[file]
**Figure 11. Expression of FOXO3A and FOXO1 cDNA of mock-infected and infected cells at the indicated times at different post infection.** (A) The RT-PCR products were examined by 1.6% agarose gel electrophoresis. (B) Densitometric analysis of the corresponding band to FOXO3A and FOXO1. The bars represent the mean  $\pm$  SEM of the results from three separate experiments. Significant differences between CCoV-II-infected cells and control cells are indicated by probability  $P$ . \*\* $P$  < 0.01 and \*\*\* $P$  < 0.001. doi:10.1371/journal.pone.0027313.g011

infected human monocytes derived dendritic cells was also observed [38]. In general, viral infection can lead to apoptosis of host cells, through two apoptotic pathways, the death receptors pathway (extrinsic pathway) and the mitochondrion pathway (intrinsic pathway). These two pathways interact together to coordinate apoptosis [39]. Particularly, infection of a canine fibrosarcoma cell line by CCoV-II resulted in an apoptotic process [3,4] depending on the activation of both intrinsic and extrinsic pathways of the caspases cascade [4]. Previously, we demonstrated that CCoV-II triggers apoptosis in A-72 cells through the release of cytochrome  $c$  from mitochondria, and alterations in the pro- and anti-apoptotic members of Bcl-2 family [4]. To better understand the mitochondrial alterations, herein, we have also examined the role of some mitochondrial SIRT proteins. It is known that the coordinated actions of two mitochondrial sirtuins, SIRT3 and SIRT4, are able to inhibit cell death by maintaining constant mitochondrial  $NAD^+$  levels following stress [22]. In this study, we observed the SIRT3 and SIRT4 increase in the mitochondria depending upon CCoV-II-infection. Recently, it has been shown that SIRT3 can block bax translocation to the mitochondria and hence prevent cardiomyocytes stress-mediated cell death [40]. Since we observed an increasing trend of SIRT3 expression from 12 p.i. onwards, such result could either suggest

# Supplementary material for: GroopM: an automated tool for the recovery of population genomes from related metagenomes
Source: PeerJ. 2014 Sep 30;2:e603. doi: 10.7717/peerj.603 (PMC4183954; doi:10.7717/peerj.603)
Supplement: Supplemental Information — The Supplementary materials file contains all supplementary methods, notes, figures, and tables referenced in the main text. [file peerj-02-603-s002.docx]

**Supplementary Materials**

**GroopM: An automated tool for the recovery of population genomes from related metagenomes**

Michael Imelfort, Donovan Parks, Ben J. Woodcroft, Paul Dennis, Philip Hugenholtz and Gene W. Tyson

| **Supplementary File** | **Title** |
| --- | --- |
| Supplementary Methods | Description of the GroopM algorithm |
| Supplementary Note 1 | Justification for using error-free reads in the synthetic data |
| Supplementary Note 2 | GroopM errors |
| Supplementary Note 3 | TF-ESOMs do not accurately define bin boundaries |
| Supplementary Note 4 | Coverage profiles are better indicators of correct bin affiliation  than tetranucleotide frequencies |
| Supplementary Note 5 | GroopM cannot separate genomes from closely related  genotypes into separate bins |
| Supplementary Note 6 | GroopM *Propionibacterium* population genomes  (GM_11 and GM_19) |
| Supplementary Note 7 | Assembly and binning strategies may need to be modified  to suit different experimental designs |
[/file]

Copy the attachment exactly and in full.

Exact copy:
**Figure 11. Expression of FOXO3A and FOXO1 cDNA of mock-infected and infected cells at the indicated times at different post infection.** (A) The RT-PCR products were examined by 1.6% agarose gel electrophoresis. (B) Densitometric analysis of the corresponding band to FOXO3A and FOXO1. The bars represent the mean  $\pm$  SEM of the results from three separate experiments. Significant differences between CCoV-II-infected cells and control cells are indicated by probability  $P$ . \*\* $P$  < 0.01 and \*\*\* $P$  < 0.001. doi:10.1371/journal.pone.0027313.g011

infected human monocytes derived dendritic cells was also observed [38]. In general, viral infection can lead to apoptosis of host cells, through two apoptotic pathways, the death receptors pathway (extrinsic pathway) and the mitochondrion pathway (intrinsic pathway). These two pathways interact together to coordinate apoptosis [39]. Particularly, infection of a canine fibrosarcoma cell line by CCoV-II resulted in an apoptotic process [3,4] depending on the activation of both intrinsic and extrinsic pathways of the caspases cascade [4]. Previously, we demonstrated that CCoV-II triggers apoptosis in A-72 cells through the release of cytochrome  $c$  from mitochondria, and alterations in the pro- and anti-apoptotic members of Bcl-2 family [4]. To better understand the mitochondrial alterations, herein, we have also examined the role of some mitochondrial SIRT proteins. It is known that the coordinated actions of two mitochondrial sirtuins, SIRT3 and SIRT4, are able to inhibit cell death by maintaining constant mitochondrial  $NAD^+$  levels following stress [22]. In this study, we observed the SIRT3 and SIRT4 increase in the mitochondria depending upon CCoV-II-infection. Recently, it has been shown that SIRT3 can block bax translocation to the mitochondria and hence prevent cardiomyocytes stress-mediated cell death [40]. Since we observed an increasing trend of SIRT3 expression from 12 p.i. onwards, such result could either suggest

# Supplementary material for: GroopM: an automated tool for the recovery of population genomes from related metagenomes
Source: PeerJ. 2014 Sep 30;2:e603. doi: 10.7717/peerj.603 (PMC4183954; doi:10.7717/peerj.603)
Supplement: Supplemental Information — The Supplementary materials file contains all supplementary methods, notes, figures, and tables referenced in the main text. [file peerj-02-603-s002.docx]

**Supplementary Materials**

**GroopM: An automated tool for the recovery of population genomes from related metagenomes**

Michael Imelfort, Donovan Parks, Ben J. Woodcroft, Paul Dennis, Philip Hugenholtz and Gene W. Tyson

| **Supplementary File** | **Title** |
| --- | --- |
| Supplementary Methods | Description of the GroopM algorithm |
| Supplementary Note 1 | Justification for using error-free reads in the synthetic data |
| Supplementary Note 2 | GroopM errors |
| Supplementary Note 3 | TF-ESOMs do not accurately define bin boundaries |
| Supplementary Note 4 | Coverage profiles are better indicators of correct bin affiliation  than tetranucleotide frequencies |
| Supplementary Note 5 | GroopM cannot separate genomes from closely related  genotypes into separate bins |
| Supplementary Note 6 | GroopM *Propionibacterium* population genomes  (GM_11 and GM_19) |
| Supplementary Note 7 | Assembly and binning strategies may need to be modified  to suit different experimental designs |